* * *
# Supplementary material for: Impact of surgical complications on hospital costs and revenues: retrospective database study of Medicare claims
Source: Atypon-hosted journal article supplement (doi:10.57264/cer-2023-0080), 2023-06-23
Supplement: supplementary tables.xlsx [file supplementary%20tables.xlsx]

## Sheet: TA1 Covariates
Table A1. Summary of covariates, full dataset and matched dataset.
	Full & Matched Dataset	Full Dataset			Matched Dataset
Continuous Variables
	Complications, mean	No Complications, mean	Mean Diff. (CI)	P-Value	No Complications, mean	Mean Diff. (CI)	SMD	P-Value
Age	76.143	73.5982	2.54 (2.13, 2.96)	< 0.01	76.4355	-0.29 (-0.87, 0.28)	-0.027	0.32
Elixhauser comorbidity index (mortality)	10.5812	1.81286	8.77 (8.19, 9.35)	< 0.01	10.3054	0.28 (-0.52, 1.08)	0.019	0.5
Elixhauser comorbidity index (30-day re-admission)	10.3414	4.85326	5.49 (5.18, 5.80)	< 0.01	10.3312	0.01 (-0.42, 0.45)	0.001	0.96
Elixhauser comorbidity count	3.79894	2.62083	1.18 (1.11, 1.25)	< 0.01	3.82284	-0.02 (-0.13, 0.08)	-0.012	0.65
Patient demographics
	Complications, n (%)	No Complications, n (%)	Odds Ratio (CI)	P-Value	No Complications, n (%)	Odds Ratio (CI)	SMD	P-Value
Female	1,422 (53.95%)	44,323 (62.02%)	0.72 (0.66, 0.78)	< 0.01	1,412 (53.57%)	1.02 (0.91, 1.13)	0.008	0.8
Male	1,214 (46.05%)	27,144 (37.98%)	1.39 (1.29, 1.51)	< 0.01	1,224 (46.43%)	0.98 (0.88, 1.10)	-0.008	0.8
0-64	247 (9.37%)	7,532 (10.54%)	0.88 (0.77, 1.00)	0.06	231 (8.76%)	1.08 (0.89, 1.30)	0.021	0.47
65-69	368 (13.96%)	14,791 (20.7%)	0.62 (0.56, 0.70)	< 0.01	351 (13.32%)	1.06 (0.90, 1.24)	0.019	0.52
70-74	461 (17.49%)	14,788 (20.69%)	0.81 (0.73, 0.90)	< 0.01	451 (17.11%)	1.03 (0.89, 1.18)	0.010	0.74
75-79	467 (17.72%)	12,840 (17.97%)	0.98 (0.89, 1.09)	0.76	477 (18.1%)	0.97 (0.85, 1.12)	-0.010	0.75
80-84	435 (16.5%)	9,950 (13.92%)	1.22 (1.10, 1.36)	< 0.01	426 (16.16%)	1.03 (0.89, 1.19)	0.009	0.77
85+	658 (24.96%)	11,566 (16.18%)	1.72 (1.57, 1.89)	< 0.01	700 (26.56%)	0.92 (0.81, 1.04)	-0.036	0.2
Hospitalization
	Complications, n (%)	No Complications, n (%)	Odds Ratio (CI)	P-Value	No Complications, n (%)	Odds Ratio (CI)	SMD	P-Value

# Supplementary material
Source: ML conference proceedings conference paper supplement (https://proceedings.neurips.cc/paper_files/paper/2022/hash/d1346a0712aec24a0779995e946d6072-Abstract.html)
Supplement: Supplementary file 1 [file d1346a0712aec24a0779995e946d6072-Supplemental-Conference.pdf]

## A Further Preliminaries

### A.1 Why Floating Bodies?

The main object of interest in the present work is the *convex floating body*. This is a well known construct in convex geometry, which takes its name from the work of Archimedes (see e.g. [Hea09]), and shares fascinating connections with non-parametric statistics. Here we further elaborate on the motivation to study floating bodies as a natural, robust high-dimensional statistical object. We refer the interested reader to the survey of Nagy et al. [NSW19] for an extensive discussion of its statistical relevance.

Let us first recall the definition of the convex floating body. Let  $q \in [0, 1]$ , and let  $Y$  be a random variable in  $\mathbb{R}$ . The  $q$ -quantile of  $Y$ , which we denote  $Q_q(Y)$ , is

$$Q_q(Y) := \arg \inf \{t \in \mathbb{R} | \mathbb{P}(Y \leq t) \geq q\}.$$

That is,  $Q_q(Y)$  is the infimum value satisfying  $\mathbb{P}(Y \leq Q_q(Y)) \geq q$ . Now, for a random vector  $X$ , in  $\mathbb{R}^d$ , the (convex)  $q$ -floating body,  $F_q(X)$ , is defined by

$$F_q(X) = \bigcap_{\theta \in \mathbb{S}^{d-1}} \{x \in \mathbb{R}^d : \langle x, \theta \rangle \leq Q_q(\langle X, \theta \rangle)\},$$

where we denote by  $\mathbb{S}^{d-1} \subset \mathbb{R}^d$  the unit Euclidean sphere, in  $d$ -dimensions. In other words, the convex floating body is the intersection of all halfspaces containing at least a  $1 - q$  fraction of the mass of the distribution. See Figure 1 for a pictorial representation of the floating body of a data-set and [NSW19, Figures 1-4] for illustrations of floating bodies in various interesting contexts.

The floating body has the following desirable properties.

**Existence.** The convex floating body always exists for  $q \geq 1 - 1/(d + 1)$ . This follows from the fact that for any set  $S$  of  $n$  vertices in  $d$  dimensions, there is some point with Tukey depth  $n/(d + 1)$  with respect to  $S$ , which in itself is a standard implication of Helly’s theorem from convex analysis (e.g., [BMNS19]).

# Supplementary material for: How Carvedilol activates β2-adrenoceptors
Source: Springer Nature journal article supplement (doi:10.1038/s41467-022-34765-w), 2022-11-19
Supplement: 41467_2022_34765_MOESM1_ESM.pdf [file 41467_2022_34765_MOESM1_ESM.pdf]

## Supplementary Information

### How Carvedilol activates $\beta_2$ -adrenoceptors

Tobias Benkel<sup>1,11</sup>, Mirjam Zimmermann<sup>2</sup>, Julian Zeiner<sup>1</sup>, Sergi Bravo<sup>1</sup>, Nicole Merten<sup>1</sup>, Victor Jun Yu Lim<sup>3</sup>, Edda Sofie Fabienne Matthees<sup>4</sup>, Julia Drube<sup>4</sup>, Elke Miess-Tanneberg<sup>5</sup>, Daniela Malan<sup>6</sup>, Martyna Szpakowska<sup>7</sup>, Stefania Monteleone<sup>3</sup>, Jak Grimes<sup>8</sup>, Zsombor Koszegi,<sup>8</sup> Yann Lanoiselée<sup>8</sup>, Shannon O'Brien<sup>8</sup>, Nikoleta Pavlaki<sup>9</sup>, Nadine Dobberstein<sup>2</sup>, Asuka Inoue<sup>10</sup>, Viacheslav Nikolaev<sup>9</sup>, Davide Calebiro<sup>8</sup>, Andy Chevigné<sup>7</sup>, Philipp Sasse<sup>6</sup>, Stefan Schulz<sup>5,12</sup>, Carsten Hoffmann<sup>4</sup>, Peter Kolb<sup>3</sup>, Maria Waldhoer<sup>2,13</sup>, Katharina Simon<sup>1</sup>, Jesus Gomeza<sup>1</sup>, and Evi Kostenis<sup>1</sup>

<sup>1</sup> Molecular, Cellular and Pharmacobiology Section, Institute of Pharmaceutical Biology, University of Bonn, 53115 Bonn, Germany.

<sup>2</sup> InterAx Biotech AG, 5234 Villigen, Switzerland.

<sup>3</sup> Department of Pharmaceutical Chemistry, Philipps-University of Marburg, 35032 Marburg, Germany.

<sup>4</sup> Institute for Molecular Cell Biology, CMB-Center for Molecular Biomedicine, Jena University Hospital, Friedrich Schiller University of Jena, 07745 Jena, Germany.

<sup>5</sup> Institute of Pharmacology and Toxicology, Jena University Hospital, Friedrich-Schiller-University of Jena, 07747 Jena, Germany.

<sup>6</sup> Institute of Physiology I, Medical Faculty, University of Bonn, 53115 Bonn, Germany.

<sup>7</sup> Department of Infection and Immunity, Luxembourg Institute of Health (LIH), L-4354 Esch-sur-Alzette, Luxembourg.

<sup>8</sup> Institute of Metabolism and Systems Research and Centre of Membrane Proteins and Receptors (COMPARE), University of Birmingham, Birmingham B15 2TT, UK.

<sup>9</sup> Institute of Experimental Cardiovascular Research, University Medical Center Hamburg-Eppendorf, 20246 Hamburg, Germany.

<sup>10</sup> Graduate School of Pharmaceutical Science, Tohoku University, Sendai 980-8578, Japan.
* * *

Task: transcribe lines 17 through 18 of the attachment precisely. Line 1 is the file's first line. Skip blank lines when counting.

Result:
0-64	247 (9.37%)	7,532 (10.54%)	0.88 (0.77, 1.00)	0.06	231 (8.76%)	1.08 (0.89, 1.30)	0.021	0.47
65-69	368 (13.96%)	14,791 (20.7%)	0.62 (0.56, 0.70)	< 0.01	351 (13.32%)	1.06 (0.90, 1.24)	0.019	0.52